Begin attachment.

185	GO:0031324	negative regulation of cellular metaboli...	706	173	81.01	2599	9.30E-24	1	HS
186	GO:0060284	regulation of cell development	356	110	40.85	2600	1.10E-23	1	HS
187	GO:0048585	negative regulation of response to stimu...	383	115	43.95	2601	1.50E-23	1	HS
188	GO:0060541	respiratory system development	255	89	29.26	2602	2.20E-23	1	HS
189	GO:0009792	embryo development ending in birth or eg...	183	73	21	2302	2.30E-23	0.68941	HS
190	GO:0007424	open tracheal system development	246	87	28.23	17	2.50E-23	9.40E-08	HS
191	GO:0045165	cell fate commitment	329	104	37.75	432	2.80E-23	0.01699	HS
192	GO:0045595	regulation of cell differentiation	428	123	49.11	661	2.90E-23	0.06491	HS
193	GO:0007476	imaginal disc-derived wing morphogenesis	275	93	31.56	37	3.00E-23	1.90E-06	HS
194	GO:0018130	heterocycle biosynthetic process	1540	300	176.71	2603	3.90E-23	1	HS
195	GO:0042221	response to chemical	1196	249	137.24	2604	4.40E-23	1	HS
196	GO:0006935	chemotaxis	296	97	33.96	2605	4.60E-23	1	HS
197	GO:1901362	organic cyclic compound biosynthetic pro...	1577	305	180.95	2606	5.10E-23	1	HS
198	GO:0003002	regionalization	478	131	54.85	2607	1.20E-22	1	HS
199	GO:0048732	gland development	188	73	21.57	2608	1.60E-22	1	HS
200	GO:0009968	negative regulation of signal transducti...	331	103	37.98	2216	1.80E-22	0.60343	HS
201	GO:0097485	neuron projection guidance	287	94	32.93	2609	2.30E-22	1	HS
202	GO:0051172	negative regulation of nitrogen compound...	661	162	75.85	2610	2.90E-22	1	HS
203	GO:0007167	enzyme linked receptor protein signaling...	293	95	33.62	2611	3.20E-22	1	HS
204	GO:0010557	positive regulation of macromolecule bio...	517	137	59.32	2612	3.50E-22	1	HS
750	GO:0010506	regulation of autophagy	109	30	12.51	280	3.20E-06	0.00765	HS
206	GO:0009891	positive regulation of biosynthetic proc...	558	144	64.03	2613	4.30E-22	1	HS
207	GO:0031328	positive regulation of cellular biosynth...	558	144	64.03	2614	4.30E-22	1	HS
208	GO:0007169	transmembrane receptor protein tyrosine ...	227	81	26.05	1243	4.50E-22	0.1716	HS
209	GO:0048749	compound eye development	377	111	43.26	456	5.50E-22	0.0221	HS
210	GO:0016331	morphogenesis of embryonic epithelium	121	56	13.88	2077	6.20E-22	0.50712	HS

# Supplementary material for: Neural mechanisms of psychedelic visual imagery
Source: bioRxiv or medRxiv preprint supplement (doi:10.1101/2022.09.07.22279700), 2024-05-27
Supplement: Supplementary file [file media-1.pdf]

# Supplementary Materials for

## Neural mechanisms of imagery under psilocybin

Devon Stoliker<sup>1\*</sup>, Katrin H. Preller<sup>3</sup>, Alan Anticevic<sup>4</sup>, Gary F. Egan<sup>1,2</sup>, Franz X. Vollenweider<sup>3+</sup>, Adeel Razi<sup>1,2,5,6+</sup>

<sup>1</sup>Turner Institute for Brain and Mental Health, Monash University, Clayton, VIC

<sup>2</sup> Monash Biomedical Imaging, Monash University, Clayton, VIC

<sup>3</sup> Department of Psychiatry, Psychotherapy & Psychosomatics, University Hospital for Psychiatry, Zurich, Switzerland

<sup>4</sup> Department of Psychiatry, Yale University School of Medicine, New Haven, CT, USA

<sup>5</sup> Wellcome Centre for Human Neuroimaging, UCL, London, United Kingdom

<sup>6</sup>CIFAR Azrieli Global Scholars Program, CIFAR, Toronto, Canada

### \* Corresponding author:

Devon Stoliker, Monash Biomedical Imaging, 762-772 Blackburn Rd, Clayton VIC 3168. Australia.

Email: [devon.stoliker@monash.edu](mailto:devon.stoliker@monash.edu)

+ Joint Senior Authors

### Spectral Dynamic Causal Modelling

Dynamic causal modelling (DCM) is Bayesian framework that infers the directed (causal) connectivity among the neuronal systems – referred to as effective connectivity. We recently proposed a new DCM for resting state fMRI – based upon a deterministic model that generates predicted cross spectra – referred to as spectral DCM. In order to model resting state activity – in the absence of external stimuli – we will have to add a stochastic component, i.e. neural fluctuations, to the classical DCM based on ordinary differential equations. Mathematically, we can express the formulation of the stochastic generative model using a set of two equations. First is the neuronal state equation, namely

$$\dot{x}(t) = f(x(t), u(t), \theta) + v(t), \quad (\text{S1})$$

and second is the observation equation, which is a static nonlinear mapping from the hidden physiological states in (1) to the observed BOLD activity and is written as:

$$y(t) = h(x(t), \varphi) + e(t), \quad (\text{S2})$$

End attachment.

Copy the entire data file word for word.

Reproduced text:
185	GO:0031324	negative regulation of cellular metaboli...	706	173	81.01	2599	9.30E-24	1	HS
186	GO:0060284	regulation of cell development	356	110	40.85	2600	1.10E-23	1	HS
187	GO:0048585	negative regulation of response to stimu...	383	115	43.95	2601	1.50E-23	1	HS
188	GO:0060541	respiratory system development	255	89	29.26	2602	2.20E-23	1	HS
189	GO:0009792	embryo development ending in birth or eg...	183	73	21	2302	2.30E-23	0.68941	HS
190	GO:0007424	open tracheal system development	246	87	28.23	17	2.50E-23	9.40E-08	HS
191	GO:0045165	cell fate commitment	329	104	37.75	432	2.80E-23	0.01699	HS
192	GO:0045595	regulation of cell differentiation	428	123	49.11	661	2.90E-23	0.06491	HS
193	GO:0007476	imaginal disc-derived wing morphogenesis	275	93	31.56	37	3.00E-23	1.90E-06	HS
194	GO:0018130	heterocycle biosynthetic process	1540	300	176.71	2603	3.90E-23	1	HS
195	GO:0042221	response to chemical	1196	249	137.24	2604	4.40E-23	1	HS
196	GO:0006935	chemotaxis	296	97	33.96	2605	4.60E-23	1	HS
197	GO:1901362	organic cyclic compound biosynthetic pro...	1577	305	180.95	2606	5.10E-23	1	HS
198	GO:0003002	regionalization	478	131	54.85	2607	1.20E-22	1	HS
199	GO:0048732	gland development	188	73	21.57	2608	1.60E-22	1	HS
200	GO:0009968	negative regulation of signal transducti...	331	103	37.98	2216	1.80E-22	0.60343	HS
201	GO:0097485	neuron projection guidance	287	94	32.93	2609	2.30E-22	1	HS
202	GO:0051172	negative regulation of nitrogen compound...	661	162	75.85	2610	2.90E-22	1	HS
203	GO:0007167	enzyme linked receptor protein signaling...	293	95	33.62	2611	3.20E-22	1	HS
204	GO:0010557	positive regulation of macromolecule bio...	517	137	59.32	2612	3.50E-22	1	HS
750	GO:0010506	regulation of autophagy	109	30	12.51	280	3.20E-06	0.00765	HS
206	GO:0009891	positive regulation of biosynthetic proc...	558	144	64.03	2613	4.30E-22	1	HS
207	GO:0031328	positive regulation of cellular biosynth...	558	144	64.03	2614	4.30E-22	1	HS
208	GO:0007169	transmembrane receptor protein tyrosine ...	227	81	26.05	1243	4.50E-22	0.1716	HS
209	GO:0048749	compound eye development	377	111	43.26	456	5.50E-22	0.0221	HS
210	GO:0016331	morphogenesis of embryonic epithelium	121	56	13.88	2077	6.20E-22	0.50712	HS

# Supplementary material for: Neural mechanisms of psychedelic visual imagery
Source: bioRxiv or medRxiv preprint supplement (doi:10.1101/2022.09.07.22279700), 2024-05-27
Supplement: Supplementary file [file media-1.pdf]

# Supplementary Materials for

## Neural mechanisms of imagery under psilocybin

Devon Stoliker<sup>1\*</sup>, Katrin H. Preller<sup>3</sup>, Alan Anticevic<sup>4</sup>, Gary F. Egan<sup>1,2</sup>, Franz X. Vollenweider<sup>3+</sup>, Adeel Razi<sup>1,2,5,6+</sup>

<sup>1</sup>Turner Institute for Brain and Mental Health, Monash University, Clayton, VIC

<sup>2</sup> Monash Biomedical Imaging, Monash University, Clayton, VIC

<sup>3</sup> Department of Psychiatry, Psychotherapy & Psychosomatics, University Hospital for Psychiatry, Zurich, Switzerland

<sup>4</sup> Department of Psychiatry, Yale University School of Medicine, New Haven, CT, USA

<sup>5</sup> Wellcome Centre for Human Neuroimaging, UCL, London, United Kingdom

<sup>6</sup>CIFAR Azrieli Global Scholars Program, CIFAR, Toronto, Canada

### \* Corresponding author:

Devon Stoliker, Monash Biomedical Imaging, 762-772 Blackburn Rd, Clayton VIC 3168. Australia.

Email: [devon.stoliker@monash.edu](mailto:devon.stoliker@monash.edu)

+ Joint Senior Authors

### Spectral Dynamic Causal Modelling

Dynamic causal modelling (DCM) is Bayesian framework that infers the directed (causal) connectivity among the neuronal systems – referred to as effective connectivity. We recently proposed a new DCM for resting state fMRI – based upon a deterministic model that generates predicted cross spectra – referred to as spectral DCM. In order to model resting state activity – in the absence of external stimuli – we will have to add a stochastic component, i.e. neural fluctuations, to the classical DCM based on ordinary differential equations. Mathematically, we can express the formulation of the stochastic generative model using a set of two equations. First is the neuronal state equation, namely

$$\dot{x}(t) = f(x(t), u(t), \theta) + v(t), \quad (\text{S1})$$

and second is the observation equation, which is a static nonlinear mapping from the hidden physiological states in (1) to the observed BOLD activity and is written as:

$$y(t) = h(x(t), \varphi) + e(t), \quad (\text{S2})$$